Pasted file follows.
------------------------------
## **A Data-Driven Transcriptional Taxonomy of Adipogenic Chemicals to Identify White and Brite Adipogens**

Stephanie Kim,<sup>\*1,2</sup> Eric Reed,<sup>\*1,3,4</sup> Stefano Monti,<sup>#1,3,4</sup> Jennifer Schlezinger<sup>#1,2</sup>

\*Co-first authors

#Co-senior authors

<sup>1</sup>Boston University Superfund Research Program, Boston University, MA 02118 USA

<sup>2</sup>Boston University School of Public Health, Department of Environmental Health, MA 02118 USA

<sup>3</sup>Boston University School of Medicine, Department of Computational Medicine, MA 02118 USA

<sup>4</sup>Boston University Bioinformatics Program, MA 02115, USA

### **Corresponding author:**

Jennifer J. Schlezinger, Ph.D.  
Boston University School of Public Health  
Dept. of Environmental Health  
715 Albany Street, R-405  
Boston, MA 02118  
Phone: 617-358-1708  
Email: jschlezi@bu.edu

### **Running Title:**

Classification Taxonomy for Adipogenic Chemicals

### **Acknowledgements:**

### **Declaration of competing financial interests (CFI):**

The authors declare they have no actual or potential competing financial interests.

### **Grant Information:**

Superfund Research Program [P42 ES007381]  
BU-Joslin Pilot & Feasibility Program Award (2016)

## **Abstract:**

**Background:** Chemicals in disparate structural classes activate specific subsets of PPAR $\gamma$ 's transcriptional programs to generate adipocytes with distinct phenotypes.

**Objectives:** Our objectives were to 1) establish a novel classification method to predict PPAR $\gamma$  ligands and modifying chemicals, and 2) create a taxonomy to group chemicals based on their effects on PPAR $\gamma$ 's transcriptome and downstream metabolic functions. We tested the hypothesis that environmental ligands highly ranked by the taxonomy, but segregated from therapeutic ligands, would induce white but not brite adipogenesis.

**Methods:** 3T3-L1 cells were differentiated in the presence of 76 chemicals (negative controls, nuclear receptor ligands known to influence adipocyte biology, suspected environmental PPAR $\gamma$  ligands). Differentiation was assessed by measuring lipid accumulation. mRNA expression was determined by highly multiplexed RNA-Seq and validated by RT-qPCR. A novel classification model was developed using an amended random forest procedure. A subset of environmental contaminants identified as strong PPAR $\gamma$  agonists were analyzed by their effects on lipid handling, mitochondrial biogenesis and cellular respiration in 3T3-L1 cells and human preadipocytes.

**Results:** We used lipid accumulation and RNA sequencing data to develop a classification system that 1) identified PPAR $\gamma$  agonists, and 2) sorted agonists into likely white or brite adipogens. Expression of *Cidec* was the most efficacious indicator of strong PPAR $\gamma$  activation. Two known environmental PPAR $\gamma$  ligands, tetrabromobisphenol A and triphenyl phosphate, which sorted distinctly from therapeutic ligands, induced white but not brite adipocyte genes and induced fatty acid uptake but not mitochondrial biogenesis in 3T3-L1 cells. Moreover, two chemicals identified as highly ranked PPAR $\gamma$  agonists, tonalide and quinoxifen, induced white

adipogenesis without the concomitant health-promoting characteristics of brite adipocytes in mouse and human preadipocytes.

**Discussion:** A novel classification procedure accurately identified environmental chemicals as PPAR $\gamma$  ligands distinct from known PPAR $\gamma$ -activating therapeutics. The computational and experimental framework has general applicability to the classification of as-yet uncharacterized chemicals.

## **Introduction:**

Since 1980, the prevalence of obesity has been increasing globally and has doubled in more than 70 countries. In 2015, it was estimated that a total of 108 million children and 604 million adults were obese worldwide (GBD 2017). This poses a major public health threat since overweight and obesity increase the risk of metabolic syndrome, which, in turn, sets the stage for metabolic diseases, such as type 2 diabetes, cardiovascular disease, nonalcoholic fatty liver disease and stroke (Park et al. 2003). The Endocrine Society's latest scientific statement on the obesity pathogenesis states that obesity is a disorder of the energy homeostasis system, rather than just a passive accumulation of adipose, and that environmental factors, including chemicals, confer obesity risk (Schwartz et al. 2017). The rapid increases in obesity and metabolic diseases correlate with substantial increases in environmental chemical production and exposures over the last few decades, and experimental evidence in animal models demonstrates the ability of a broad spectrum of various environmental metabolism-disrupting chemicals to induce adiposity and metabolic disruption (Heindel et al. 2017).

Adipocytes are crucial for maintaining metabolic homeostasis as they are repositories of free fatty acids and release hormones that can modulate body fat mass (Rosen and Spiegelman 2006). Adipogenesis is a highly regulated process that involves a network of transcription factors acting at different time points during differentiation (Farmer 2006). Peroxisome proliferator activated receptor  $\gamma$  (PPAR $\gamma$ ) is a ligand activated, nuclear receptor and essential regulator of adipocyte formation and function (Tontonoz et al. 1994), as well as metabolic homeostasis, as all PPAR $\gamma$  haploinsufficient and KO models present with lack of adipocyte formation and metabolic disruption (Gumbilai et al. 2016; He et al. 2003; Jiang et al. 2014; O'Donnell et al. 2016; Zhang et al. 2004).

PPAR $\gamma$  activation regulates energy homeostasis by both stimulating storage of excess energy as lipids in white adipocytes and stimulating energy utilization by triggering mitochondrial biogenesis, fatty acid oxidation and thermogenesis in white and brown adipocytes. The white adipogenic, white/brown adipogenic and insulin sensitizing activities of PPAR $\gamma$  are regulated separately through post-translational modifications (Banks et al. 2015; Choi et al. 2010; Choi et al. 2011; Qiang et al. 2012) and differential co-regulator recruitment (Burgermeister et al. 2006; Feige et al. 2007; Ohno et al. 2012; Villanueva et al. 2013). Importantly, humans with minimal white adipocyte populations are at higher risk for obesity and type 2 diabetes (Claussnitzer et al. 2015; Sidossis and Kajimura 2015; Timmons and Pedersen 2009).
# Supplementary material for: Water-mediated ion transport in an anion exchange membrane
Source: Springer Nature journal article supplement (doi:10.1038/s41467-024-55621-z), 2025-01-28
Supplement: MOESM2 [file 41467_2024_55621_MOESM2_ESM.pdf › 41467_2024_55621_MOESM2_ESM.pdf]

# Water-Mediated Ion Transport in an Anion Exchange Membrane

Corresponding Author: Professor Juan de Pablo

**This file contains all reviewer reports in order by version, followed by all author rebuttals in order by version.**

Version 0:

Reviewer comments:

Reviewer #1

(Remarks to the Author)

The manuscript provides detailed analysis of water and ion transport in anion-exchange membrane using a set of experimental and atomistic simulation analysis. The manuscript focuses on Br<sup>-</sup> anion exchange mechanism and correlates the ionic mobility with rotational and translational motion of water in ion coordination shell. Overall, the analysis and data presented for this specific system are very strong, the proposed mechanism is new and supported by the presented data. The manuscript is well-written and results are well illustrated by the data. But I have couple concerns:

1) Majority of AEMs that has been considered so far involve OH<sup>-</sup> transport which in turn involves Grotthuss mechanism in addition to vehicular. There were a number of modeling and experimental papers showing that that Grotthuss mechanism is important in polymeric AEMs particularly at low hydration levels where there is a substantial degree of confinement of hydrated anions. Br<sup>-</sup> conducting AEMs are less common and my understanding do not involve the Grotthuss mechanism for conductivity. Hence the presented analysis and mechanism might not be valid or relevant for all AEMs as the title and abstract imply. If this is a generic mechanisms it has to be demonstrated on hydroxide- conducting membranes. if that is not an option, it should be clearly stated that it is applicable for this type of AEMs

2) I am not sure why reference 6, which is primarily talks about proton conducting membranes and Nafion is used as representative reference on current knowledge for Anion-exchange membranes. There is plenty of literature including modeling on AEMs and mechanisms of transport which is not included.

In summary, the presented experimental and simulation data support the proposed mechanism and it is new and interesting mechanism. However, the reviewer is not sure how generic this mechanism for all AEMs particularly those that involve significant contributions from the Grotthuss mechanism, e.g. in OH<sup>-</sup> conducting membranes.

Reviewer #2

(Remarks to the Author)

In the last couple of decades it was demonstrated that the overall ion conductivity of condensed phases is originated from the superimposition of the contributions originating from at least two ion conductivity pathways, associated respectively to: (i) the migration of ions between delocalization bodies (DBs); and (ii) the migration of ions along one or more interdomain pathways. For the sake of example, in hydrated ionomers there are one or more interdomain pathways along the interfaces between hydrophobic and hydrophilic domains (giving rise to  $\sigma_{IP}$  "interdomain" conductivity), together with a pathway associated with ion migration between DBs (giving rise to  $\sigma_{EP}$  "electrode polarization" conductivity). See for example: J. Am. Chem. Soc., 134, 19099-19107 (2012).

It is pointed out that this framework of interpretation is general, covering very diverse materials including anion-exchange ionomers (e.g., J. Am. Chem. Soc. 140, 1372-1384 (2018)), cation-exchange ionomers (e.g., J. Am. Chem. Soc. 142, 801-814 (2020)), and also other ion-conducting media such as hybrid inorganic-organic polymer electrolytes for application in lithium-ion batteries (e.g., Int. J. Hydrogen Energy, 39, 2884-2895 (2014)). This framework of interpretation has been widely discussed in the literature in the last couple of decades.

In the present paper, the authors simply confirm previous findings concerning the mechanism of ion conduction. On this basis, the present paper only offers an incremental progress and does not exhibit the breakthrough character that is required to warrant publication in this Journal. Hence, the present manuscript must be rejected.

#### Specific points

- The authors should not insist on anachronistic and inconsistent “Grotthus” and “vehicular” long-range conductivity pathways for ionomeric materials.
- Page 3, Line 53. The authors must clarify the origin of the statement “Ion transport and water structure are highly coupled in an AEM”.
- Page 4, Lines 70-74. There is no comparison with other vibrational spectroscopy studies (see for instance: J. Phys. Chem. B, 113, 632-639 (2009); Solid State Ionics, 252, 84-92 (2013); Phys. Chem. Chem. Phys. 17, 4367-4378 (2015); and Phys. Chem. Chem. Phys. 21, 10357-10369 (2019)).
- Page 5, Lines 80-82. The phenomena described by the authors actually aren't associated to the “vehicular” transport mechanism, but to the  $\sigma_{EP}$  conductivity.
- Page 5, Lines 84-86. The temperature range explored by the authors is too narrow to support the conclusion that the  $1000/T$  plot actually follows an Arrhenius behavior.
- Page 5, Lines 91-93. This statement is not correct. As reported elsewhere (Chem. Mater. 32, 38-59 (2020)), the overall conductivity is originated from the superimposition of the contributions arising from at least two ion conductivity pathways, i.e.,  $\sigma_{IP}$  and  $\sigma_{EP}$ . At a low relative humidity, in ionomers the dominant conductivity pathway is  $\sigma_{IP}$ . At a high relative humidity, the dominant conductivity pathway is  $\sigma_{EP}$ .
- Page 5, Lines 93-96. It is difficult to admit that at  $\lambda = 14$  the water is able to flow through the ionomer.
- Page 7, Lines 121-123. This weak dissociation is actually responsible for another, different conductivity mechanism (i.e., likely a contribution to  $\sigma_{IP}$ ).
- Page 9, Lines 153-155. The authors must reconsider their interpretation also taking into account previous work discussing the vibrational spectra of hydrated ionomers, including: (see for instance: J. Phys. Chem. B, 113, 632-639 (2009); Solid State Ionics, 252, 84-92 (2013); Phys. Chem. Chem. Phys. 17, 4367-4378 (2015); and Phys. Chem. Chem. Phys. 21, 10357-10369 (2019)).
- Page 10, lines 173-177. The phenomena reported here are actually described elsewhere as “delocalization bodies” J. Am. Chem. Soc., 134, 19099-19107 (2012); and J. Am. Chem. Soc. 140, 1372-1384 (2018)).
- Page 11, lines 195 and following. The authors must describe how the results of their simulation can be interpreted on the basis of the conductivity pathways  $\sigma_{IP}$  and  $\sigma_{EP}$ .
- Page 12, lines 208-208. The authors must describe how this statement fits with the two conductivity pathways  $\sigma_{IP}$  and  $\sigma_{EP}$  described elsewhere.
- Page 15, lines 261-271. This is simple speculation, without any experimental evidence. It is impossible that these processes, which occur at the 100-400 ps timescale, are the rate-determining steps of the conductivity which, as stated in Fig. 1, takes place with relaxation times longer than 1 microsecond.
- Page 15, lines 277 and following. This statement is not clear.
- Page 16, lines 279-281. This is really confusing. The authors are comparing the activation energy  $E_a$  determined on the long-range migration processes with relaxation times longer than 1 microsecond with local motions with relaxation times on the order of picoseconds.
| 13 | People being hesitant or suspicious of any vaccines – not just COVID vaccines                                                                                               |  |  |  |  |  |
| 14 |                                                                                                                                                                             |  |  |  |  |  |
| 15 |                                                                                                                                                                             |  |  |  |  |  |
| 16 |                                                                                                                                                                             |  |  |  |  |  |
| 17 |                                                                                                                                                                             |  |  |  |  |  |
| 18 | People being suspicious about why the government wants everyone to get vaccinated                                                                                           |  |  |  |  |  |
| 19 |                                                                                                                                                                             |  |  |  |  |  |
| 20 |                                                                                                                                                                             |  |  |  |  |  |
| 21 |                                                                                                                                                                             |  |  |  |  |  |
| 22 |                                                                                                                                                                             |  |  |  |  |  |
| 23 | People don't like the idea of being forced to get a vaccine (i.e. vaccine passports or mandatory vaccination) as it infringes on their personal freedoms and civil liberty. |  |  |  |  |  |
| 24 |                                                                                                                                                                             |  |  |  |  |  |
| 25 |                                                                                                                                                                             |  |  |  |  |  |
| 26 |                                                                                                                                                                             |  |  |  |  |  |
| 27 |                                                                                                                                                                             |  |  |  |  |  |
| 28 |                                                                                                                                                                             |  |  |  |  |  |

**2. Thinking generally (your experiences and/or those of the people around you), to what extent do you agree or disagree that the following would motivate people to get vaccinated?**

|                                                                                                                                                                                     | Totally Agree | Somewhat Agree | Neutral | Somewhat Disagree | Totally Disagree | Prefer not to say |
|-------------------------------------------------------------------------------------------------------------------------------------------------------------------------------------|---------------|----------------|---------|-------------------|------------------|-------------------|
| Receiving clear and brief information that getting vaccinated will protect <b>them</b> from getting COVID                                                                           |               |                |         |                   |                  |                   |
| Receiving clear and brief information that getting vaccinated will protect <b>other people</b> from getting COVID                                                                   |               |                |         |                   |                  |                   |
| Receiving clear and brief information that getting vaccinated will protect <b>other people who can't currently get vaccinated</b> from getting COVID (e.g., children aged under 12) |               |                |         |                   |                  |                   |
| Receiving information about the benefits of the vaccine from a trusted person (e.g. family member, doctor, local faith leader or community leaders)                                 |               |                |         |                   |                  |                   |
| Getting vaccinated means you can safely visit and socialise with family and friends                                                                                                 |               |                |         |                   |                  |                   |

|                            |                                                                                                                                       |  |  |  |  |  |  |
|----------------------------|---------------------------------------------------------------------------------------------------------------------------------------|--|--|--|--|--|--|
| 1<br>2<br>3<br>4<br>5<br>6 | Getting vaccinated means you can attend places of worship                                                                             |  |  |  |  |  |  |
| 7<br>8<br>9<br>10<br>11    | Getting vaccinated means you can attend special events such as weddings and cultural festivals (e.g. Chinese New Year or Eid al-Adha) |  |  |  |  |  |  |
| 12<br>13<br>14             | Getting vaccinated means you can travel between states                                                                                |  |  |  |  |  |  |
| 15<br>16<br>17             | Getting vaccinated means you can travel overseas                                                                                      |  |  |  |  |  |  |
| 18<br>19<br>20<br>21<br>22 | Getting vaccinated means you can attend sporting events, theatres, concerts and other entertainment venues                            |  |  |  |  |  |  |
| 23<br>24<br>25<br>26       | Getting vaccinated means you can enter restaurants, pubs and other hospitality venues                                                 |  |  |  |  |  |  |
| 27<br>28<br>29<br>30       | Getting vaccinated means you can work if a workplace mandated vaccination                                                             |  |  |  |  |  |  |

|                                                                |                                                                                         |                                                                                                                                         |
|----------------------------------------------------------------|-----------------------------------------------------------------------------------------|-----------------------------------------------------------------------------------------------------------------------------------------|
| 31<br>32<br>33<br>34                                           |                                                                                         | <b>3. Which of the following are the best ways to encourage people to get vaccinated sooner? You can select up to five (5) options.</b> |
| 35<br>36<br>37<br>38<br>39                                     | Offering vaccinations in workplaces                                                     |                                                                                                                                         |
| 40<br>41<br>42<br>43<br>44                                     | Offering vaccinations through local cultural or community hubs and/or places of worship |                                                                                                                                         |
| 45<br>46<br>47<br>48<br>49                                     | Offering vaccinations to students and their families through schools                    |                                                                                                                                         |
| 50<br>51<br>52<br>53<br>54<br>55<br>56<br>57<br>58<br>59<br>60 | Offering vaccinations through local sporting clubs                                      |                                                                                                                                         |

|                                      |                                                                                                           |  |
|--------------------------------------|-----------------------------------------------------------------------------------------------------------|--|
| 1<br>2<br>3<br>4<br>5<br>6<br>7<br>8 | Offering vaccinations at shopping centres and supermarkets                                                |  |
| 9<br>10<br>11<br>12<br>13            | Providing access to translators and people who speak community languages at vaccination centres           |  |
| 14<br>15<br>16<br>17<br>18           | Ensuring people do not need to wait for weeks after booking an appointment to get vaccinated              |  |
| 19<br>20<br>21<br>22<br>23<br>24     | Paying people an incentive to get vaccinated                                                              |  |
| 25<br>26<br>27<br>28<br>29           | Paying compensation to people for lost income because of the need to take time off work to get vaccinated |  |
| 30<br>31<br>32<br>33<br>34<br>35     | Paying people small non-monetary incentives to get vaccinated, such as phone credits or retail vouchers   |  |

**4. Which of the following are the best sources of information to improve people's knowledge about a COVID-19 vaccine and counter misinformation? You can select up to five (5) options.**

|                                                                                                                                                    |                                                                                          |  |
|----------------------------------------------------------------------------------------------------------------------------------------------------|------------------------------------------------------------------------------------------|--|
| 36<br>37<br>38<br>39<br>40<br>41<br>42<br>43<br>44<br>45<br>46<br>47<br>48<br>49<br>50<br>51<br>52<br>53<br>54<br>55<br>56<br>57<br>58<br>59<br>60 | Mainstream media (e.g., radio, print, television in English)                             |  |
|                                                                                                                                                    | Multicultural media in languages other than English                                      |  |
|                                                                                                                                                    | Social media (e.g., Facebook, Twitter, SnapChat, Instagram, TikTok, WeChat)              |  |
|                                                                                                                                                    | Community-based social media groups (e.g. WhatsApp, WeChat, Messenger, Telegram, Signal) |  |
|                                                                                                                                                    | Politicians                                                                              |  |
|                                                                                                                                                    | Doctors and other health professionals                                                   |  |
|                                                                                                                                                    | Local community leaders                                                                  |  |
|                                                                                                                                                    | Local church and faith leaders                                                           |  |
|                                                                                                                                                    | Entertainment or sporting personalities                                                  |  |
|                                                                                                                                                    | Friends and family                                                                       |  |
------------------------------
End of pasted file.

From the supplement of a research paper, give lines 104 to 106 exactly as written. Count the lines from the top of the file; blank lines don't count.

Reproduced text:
|                                                                |                                                                                         |                                                                                                                                         |
|----------------------------------------------------------------|-----------------------------------------------------------------------------------------|-----------------------------------------------------------------------------------------------------------------------------------------|
| 31<br>32<br>33<br>34                                           |                                                                                         | <b>3. Which of the following are the best ways to encourage people to get vaccinated sooner? You can select up to five (5) options.</b> |